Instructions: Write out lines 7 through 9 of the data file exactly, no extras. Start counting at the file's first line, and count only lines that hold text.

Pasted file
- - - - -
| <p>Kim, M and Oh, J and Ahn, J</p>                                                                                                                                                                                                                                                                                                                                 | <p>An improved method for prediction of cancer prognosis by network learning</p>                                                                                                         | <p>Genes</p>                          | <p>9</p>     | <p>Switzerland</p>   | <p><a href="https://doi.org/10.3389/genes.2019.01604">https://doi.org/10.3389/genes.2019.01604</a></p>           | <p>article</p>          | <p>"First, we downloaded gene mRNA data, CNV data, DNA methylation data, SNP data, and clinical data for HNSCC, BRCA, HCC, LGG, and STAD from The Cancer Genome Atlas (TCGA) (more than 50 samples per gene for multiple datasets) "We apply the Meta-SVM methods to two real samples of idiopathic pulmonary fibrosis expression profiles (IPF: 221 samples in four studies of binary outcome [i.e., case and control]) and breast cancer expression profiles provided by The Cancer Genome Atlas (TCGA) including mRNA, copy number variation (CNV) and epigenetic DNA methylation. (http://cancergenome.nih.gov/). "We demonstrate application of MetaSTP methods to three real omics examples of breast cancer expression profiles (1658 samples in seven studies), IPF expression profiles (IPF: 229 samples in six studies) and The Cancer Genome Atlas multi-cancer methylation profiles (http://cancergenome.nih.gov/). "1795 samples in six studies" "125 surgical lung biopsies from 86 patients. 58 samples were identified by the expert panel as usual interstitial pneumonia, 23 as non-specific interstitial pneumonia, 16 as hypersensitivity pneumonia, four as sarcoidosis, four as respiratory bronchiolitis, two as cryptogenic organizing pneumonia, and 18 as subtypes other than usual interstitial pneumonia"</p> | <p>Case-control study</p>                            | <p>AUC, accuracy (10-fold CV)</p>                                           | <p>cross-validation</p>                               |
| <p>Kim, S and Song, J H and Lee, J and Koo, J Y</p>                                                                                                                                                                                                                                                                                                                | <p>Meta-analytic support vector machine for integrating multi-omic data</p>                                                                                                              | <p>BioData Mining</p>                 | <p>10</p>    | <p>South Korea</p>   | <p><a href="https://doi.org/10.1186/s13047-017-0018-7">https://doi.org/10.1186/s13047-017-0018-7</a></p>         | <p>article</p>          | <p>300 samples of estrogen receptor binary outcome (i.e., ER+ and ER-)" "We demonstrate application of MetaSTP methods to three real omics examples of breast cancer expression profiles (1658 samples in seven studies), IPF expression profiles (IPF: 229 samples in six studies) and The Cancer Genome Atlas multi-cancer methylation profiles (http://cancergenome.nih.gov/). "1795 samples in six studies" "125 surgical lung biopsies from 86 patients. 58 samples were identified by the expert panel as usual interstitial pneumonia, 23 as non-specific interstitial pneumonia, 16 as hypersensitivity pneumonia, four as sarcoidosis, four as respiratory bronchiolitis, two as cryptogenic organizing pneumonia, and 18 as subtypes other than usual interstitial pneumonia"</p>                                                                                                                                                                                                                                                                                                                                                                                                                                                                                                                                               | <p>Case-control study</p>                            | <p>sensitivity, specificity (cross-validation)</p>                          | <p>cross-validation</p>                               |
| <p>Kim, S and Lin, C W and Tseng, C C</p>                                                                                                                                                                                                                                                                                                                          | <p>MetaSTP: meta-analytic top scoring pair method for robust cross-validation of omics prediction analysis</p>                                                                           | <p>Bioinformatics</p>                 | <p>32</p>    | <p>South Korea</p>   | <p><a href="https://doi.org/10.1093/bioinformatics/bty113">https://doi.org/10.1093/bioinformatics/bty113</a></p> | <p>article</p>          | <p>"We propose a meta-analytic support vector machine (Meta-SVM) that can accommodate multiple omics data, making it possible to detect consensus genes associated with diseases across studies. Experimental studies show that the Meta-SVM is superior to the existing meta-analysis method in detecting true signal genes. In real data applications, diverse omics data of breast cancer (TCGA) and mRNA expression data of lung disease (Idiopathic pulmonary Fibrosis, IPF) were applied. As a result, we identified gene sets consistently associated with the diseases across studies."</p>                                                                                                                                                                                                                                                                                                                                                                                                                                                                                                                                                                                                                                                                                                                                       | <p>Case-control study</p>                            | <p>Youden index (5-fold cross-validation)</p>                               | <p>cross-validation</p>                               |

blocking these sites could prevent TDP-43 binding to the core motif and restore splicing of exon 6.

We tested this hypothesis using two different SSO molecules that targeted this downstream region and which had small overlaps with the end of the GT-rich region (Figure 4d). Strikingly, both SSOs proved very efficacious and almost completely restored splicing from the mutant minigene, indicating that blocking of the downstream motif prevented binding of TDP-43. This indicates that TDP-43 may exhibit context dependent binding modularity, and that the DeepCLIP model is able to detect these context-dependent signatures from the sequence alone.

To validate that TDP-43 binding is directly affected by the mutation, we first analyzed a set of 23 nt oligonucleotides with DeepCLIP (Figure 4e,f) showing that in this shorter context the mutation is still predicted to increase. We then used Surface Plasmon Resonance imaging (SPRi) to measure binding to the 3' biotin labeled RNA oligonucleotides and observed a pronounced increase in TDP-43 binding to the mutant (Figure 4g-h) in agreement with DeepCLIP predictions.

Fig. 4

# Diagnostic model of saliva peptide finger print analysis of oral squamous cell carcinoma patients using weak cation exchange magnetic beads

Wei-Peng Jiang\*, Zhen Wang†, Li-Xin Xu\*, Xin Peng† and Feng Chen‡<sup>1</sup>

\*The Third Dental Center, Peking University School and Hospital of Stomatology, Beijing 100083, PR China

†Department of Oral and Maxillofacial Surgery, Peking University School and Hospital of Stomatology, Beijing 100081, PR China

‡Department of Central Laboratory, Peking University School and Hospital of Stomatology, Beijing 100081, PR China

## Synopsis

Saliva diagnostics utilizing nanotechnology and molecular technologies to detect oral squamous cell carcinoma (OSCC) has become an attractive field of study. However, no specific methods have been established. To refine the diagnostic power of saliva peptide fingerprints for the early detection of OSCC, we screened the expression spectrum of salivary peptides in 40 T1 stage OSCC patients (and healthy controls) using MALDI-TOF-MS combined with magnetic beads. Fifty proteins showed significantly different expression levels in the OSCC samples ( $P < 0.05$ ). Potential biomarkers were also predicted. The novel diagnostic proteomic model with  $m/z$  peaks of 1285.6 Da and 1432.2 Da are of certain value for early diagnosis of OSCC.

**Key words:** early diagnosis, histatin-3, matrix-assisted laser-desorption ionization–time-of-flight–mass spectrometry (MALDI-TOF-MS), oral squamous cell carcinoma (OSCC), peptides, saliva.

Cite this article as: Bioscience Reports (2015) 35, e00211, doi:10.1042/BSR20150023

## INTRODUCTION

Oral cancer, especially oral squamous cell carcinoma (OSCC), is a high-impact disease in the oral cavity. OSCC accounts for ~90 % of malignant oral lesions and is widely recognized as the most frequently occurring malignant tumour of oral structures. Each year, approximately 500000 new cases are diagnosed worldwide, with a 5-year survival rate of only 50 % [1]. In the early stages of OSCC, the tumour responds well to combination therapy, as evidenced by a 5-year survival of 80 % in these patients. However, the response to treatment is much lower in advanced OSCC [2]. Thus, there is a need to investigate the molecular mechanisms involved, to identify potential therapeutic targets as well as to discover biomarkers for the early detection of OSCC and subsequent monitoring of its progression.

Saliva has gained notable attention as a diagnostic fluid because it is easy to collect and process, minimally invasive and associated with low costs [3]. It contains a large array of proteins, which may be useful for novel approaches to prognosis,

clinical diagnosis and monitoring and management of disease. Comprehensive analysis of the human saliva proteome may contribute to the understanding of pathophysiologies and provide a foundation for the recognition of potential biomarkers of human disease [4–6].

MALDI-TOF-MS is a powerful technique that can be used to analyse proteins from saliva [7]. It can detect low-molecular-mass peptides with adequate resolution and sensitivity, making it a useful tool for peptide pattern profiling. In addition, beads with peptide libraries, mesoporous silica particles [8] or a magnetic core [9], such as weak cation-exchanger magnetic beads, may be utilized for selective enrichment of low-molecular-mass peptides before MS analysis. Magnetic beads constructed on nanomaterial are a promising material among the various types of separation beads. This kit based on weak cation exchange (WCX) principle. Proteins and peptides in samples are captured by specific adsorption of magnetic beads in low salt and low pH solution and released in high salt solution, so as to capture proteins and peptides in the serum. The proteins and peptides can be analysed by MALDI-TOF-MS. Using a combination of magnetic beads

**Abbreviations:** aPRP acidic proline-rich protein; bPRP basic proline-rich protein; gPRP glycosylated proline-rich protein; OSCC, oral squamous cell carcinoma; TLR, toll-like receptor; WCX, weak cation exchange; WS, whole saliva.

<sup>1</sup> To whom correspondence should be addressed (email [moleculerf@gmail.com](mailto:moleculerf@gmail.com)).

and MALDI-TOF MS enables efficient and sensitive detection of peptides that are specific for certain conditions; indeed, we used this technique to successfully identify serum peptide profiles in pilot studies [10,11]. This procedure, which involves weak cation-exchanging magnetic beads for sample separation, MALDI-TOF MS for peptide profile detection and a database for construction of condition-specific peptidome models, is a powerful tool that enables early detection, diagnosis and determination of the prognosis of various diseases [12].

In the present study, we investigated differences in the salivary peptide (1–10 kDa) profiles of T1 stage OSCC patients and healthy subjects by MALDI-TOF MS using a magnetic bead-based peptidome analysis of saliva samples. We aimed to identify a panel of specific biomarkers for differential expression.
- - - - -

Fig. 4

# Diagnostic model of saliva peptide finger print analysis of oral squamous cell carcinoma patients using weak cation exchange magnetic beads

Wei-Peng Jiang\*, Zhen Wang†, Li-Xin Xu\*, Xin Peng† and Feng Chen‡<sup>1</sup>